Still-in-manjar-but-not-for-longo 2015, Day 11: Jiggity Jog

July 24th, 2015

Well, you guys?  I go home now.



But don’t worry, not until evening.  First, I’m going back to the Cultural Center place with some of the posse.  Then we’re goofing around at the hotel a little bit; writing postcards, etc.  Then…  uh.  Well, then we get on a plane and fly to Dar-Es-Salam, then to Amsterdam, then to DC, where my new house is waiting for me!

Kilanimaljaro 2015, Day 10: So Far We

July 23rd, 2015


Alright!  So we’re finally back!  Well, the night before we got back!  But we woke up in a nice hotel, and I woke up extra early so I could have my own personal SURF-ARI, aka check my email.  Then I went downstairs, where they served a nice breakfast, which we were really excited about, until we were told we had to RUSH AND GO OUTSIDE AND CATCH THE BUS ITS GONNA LEAVE AND GO ON THE SAFARI WITHOUT YOU!!!  Then it would be a SO-CLOSE-BUT-SO-FAR-I because we missed the bus.


So we rushed!  And we went outside!


And like 25 minutes later we left.  Because SO-FAR-WE have done nothing on time, and you’d think after a week we’d know that.  BUT NBD., we hung out and eventually piled into some Land Cruisers, aka SAFerrARIs.


Our driver chatted with us about the school system (private is better, but more $$$ go fig), the different tribes in the area (Warusha, Masai, Chagga, Meru) and how since he wasn’t from around there (but from near Lake Victoria), he wasn’t any of those, which meant his kids didn’t speak his mother tongue but were apparently Swahili-monolingual (at that point; they’d learn English later).  This driver wasn’t intense about passing people, which was great cause I didn’t have to constantly be wondering how SAFE-ARE-WE?

Anyhoo, this is the day we went to Tarangire National Park to see animals, so I am going to stop talking about Not-Animals and get to the InFact-Animals.  Um.  When we first got there, I saw an impala way off in the distance and kinda freaked out and took a ton of terrible photos.  And then in five minutes I had seen like a million from much closer.  And that scenario pretty much happened with every animal.  Anyhow, here’s a list of things we saw and I remember and may or may not have photos of:

  • Zebra
  • Water buck
  • Impala
  • Wildebeast
  • Elephant
  • Giraffe
  • Dikdik
  • Mongoose
  • Lion
  • Warthog
  • Baboon
  • Tufted Hawk (or something like that)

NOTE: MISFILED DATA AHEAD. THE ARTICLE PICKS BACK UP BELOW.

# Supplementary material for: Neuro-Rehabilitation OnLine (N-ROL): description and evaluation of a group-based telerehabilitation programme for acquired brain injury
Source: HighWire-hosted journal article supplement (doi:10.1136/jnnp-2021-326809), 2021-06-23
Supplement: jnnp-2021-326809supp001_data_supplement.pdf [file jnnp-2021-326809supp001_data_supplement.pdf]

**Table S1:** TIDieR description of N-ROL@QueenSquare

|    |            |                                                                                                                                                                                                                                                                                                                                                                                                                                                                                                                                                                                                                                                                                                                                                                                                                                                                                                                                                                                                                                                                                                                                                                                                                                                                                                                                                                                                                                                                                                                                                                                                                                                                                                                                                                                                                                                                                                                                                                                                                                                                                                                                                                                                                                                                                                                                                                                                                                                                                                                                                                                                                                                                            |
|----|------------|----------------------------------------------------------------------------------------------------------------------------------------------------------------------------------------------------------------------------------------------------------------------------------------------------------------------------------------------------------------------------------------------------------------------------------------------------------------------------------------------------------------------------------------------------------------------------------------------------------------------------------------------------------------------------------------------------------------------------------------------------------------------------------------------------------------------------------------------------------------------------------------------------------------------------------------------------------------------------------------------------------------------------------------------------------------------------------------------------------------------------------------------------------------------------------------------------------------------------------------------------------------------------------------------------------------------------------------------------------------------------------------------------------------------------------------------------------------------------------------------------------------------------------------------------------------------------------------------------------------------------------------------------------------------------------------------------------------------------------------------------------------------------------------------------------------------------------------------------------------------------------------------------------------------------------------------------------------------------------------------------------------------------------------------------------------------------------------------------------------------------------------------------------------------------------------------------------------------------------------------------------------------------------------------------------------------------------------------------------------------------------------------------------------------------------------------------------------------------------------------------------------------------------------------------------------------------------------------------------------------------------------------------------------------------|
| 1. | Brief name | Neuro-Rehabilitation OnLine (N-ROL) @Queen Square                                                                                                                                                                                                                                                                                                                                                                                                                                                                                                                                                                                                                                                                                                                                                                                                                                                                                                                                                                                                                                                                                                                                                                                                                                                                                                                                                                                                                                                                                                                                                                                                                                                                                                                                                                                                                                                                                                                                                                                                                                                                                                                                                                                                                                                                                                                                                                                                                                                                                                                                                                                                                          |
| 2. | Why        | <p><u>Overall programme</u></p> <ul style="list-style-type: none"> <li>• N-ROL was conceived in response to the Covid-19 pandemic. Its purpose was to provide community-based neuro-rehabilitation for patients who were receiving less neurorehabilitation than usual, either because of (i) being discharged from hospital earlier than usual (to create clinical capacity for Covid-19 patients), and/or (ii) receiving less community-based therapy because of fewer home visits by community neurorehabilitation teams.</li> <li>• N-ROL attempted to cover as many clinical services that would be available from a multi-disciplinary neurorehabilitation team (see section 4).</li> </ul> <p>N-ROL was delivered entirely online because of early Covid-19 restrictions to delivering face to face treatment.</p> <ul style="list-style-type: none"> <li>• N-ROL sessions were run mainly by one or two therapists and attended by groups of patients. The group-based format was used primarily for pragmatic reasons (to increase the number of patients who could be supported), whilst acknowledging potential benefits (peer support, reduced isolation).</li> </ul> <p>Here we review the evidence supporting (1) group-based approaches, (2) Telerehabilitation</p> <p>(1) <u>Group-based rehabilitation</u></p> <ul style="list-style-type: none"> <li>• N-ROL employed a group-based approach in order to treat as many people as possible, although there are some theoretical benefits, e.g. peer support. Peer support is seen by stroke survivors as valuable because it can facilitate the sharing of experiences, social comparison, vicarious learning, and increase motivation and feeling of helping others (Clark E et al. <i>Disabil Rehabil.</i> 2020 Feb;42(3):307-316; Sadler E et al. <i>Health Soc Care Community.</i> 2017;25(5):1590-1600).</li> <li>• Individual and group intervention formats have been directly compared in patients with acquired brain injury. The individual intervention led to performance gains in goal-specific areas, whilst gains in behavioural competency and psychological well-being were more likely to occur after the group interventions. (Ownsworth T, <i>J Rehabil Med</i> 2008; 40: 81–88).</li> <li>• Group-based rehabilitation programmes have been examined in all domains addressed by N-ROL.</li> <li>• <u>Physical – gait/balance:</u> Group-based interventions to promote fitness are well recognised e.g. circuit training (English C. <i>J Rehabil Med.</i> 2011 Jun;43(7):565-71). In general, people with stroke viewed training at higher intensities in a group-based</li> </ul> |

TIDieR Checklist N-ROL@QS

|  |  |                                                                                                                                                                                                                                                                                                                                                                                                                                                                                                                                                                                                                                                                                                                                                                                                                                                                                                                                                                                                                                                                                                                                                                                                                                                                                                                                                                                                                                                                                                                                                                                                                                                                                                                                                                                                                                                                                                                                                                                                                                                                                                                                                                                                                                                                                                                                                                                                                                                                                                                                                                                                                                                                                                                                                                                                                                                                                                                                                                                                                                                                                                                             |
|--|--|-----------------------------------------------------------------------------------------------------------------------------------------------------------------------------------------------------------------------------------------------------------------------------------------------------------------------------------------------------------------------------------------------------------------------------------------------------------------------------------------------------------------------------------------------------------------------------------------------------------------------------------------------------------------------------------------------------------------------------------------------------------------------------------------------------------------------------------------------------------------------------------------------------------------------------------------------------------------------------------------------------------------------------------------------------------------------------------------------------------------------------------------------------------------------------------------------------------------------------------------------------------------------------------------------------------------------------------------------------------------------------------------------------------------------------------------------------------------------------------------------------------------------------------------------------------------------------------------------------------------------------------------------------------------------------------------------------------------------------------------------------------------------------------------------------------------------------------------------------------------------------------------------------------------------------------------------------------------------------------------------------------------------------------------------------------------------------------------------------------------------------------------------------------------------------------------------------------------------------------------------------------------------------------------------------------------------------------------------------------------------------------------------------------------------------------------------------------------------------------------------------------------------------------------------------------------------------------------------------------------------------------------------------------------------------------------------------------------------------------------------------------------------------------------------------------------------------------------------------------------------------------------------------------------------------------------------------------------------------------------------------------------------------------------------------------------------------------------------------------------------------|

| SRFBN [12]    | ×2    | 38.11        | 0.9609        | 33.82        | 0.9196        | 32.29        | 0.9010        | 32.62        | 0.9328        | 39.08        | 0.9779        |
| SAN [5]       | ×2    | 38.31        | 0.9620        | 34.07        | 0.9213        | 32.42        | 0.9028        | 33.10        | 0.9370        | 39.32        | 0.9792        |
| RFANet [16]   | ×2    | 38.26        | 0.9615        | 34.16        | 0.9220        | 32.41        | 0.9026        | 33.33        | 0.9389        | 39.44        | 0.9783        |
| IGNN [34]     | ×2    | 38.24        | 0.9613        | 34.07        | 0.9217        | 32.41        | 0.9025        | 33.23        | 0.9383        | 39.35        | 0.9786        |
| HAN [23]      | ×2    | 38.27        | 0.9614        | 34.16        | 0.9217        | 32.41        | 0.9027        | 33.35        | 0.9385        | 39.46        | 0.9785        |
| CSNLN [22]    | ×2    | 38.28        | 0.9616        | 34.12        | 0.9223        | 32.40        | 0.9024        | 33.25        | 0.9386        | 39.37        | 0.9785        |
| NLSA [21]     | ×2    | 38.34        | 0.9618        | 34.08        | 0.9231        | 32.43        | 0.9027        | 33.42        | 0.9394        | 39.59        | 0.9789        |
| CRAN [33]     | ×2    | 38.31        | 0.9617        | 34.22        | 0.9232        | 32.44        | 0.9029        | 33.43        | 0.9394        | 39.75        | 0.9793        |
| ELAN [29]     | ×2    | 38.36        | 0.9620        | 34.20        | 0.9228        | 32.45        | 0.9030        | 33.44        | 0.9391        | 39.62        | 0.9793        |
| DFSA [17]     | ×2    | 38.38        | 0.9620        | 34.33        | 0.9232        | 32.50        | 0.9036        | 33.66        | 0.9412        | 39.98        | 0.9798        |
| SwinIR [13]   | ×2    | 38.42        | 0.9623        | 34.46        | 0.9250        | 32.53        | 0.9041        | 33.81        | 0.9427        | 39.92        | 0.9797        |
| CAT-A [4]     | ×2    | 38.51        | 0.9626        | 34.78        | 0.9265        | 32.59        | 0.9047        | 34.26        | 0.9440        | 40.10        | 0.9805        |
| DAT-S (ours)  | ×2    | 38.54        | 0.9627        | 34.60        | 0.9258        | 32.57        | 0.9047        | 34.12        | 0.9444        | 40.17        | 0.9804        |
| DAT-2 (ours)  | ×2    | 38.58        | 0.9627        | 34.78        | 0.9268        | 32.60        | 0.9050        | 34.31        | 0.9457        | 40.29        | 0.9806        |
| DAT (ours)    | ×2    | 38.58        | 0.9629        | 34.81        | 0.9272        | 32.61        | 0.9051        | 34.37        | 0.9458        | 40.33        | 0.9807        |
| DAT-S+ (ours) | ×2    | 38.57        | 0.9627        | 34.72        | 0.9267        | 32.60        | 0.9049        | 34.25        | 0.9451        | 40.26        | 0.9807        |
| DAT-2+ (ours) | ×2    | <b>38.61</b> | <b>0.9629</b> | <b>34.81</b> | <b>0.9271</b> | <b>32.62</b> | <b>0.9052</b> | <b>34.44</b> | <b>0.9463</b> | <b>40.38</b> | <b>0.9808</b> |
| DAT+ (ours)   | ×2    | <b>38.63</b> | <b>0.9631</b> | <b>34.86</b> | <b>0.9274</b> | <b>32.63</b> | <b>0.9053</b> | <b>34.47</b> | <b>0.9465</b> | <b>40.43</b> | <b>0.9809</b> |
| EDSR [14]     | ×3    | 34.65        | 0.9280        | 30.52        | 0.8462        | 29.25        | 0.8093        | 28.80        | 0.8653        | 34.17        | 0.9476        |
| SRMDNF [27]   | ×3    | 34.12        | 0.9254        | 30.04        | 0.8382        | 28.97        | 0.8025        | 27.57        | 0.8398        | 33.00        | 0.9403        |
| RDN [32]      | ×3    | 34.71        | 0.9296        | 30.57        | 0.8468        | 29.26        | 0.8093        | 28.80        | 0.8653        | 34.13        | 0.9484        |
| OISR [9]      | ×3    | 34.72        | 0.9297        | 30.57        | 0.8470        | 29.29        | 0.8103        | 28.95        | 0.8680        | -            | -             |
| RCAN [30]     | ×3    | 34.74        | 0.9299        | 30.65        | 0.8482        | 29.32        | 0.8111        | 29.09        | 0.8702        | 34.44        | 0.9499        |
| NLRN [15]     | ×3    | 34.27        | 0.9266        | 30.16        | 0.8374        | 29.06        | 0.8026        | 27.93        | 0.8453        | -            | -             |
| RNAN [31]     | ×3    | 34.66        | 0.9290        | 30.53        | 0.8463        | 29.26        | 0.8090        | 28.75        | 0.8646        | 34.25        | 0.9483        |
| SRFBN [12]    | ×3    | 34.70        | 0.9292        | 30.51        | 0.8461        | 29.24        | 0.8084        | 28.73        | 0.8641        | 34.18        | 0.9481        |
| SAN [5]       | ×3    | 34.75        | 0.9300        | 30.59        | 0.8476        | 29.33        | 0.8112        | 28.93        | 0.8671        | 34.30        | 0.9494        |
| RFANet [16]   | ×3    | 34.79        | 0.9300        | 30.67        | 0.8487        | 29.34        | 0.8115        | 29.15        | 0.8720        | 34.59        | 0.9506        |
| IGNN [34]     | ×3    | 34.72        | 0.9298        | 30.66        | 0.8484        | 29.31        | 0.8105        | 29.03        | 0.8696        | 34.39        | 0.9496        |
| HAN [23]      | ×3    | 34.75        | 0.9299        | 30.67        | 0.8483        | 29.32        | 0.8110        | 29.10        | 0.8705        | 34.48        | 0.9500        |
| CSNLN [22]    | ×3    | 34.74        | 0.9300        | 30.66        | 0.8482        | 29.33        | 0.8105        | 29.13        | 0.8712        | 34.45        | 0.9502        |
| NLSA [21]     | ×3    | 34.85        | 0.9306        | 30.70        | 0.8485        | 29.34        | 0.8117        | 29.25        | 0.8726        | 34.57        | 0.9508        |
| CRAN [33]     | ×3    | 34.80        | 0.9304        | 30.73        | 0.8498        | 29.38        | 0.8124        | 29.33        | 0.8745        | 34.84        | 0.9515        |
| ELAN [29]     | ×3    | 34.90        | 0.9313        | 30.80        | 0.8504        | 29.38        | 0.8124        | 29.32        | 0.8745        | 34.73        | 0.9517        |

• Basket weaver
  • Hornbill (maybe a Von Der Ducken or something like that, idk)
  • Human (hahahah people are animals too hahahah)
  • Some other smaller brown birds that werent that interesting sorry


Um.  What else?  The guide was constantly on his radio with other guides.  I thought maybe they were just chatting, but they were relaly sharing information about cool animals, which lead to us (sorta) seeing a lion.  It was way donw in a valley and we could only just barely see it, but there were like 20 trucks all on this one little spot with all the safarers straining to see it.  But it was cool; we saw a lion.

And a dead snake.

Um, yeah.  Then we drove back, basically.  We’re leaving tomorrow.

Kilimandonezo 2015, Day 9: Mweka Like a Tree

July 22nd, 2015


From the itinerary:

A morning walking to Mweka gate reflecting of the past weeks experience with our Climb Kili vehicle waiting to transfer you to your hotel for a very welcomed shower at the hotel.  Overnight at SG Resort.

Last day! So I don’t know if I mentioned this, but the night before we were supposed to have walked to some camp, but instead we stayed at some other camp because it was closer and, if you recall, we slow. Anyhow, we wake up at Millennium camp, which should have a reason for being named that but apparently it doesnt, and we walk to Mweka Gate. The itinerary suggested it would be an easy walk, which it was, but it also suggested it would be short, which it wasn’t. I think we left at 8 maybe, and we didn’t arrive until.. well I have no idea, but much later.

Cause we slow. But it didn’t bother me, the going slow, because it was the last day and the sooner we got to Mweka Gate the sooner the trip would be over. So we took our time, and I took my time taking my time. I photographed every mushroom I saw, tons of Kilimanjaro Impatiens, lots of rocks, etc.

Impatien.  It is seriously so hard to not put a T on the end of that.

Impatien. It is seriously so hard to not put a T on the end of that.

The night before, as we came down the mountain, we had just left the rocky top of the mountain ecosystem and had entered the short little tree ecosystem. As we went further down the mountain, the trees got taller and the plant life thicker, and, in the highlight of the day, we started seeing monkeys again! Of course, my camera only barely registered them, but monkeys! Black and white ones. We actually didn’t see them until the very, very end, I think.

Singin' and dancin'

Singin’ and dancin’